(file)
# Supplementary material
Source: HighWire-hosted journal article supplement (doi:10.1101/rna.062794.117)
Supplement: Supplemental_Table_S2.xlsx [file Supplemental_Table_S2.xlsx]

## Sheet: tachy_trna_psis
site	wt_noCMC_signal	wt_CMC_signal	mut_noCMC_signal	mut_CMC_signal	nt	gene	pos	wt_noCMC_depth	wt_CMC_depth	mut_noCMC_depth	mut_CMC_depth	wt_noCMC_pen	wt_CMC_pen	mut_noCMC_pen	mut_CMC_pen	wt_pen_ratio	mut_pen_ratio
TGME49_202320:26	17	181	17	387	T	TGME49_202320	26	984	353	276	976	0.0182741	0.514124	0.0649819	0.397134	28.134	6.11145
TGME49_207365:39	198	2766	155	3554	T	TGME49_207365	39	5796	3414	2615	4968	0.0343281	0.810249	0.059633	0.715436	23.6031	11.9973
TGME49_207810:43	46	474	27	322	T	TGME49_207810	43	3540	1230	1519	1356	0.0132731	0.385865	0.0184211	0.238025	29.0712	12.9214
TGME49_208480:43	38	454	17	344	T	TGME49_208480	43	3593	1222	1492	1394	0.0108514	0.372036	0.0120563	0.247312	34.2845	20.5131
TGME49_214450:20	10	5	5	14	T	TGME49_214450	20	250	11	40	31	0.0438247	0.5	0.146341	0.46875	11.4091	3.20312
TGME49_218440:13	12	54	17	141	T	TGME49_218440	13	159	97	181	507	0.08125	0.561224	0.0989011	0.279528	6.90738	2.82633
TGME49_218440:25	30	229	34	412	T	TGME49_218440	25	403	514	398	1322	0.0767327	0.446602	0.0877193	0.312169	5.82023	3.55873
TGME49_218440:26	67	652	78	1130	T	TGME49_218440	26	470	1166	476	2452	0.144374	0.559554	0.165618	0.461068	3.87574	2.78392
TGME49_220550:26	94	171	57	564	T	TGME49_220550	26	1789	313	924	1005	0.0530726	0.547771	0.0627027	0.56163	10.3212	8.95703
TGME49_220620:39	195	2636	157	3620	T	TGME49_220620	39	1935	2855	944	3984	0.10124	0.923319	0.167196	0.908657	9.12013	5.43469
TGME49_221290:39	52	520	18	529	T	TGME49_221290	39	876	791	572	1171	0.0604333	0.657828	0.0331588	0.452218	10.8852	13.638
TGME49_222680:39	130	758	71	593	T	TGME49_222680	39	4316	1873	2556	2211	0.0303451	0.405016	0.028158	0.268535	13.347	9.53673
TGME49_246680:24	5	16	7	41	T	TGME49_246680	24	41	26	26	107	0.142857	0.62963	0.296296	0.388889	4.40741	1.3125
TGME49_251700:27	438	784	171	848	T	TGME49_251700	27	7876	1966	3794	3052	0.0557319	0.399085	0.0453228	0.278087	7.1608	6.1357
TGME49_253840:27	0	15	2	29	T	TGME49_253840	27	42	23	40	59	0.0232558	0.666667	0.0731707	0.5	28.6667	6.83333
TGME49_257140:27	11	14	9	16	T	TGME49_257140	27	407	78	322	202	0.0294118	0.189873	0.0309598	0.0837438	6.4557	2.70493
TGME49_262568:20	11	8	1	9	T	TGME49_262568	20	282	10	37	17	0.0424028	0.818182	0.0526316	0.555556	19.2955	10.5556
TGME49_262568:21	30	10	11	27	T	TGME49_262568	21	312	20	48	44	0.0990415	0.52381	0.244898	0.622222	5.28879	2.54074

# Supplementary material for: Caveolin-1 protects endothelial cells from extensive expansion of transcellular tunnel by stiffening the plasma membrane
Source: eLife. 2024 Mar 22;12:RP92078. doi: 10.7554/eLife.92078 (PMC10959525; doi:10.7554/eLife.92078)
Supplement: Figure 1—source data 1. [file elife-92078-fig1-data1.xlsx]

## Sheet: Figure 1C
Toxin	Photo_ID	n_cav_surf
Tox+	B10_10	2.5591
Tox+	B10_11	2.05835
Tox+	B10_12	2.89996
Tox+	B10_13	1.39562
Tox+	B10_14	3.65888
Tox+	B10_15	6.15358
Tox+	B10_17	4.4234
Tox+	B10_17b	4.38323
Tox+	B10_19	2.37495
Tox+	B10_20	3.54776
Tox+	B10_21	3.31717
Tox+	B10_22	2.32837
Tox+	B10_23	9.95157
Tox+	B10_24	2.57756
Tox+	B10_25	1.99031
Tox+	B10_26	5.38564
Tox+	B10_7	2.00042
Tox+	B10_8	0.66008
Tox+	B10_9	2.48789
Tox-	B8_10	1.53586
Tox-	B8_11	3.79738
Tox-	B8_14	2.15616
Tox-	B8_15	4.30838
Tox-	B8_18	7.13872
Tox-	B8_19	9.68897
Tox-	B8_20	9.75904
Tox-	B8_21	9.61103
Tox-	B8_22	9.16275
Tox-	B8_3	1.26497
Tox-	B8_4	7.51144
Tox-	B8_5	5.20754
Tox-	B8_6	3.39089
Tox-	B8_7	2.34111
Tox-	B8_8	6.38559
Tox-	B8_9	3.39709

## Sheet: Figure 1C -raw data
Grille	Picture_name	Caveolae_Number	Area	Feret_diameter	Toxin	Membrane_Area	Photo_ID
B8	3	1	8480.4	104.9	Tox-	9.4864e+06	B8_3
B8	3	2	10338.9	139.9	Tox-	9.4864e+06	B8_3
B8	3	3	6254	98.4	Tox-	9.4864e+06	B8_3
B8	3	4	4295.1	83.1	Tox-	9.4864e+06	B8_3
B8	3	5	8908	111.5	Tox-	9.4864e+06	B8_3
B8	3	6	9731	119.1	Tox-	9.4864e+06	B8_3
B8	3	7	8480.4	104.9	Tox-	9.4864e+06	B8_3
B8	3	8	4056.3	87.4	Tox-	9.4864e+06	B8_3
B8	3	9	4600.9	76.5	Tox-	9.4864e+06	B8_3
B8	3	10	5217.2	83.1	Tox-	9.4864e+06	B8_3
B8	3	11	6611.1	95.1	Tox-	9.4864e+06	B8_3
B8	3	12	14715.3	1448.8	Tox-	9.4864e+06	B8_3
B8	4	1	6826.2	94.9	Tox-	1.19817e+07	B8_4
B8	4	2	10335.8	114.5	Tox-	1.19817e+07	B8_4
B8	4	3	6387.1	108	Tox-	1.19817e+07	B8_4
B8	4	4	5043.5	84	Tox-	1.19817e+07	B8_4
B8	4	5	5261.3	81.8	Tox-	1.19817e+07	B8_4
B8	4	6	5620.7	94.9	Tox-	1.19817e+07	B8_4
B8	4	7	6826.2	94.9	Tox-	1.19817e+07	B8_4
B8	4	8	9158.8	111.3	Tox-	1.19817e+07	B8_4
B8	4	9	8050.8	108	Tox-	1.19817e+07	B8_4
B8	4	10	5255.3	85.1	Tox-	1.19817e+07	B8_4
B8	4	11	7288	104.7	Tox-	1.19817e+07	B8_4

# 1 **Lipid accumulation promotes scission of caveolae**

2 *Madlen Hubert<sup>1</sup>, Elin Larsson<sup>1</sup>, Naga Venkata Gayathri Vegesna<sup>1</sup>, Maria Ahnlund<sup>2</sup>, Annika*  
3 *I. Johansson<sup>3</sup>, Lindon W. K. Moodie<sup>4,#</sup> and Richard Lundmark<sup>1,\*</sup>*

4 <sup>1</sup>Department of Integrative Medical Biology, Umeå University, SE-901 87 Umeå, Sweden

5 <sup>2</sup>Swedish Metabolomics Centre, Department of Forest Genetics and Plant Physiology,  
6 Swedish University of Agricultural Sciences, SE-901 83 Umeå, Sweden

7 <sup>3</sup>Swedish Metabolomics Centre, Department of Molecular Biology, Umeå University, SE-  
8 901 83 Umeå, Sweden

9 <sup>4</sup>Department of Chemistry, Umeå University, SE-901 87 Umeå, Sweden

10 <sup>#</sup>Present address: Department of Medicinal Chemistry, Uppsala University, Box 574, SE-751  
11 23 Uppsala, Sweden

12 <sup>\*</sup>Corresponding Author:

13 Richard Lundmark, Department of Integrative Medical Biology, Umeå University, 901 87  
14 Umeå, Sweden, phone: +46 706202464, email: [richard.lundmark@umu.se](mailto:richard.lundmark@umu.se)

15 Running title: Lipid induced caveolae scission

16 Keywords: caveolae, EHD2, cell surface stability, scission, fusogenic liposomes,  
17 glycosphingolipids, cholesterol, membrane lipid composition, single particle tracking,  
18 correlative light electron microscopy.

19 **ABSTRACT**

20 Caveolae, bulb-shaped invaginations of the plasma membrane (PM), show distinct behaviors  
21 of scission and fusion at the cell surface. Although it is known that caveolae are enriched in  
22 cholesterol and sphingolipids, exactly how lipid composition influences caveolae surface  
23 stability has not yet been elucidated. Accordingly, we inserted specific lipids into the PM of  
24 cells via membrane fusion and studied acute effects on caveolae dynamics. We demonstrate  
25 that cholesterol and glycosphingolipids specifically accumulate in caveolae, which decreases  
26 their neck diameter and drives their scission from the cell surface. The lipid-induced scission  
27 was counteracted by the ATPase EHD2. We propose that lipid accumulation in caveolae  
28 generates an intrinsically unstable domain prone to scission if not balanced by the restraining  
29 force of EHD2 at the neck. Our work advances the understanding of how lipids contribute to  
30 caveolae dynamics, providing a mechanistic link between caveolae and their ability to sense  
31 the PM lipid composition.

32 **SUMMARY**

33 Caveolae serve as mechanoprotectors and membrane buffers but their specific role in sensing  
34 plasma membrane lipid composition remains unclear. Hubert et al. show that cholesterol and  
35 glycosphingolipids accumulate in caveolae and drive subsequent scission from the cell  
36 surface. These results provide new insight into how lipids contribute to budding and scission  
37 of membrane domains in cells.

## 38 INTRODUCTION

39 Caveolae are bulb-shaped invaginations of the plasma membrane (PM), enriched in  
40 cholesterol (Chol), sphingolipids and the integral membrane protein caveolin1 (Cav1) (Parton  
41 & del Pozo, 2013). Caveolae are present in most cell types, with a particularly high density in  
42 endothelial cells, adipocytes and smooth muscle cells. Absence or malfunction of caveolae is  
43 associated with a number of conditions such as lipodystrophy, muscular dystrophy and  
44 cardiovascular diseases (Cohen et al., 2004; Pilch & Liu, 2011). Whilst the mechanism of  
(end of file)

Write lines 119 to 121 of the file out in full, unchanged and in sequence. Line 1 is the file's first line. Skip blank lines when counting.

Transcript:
31 the PM lipid composition.

32 **SUMMARY**

33 Caveolae serve as mechanoprotectors and membrane buffers but their specific role in sensing  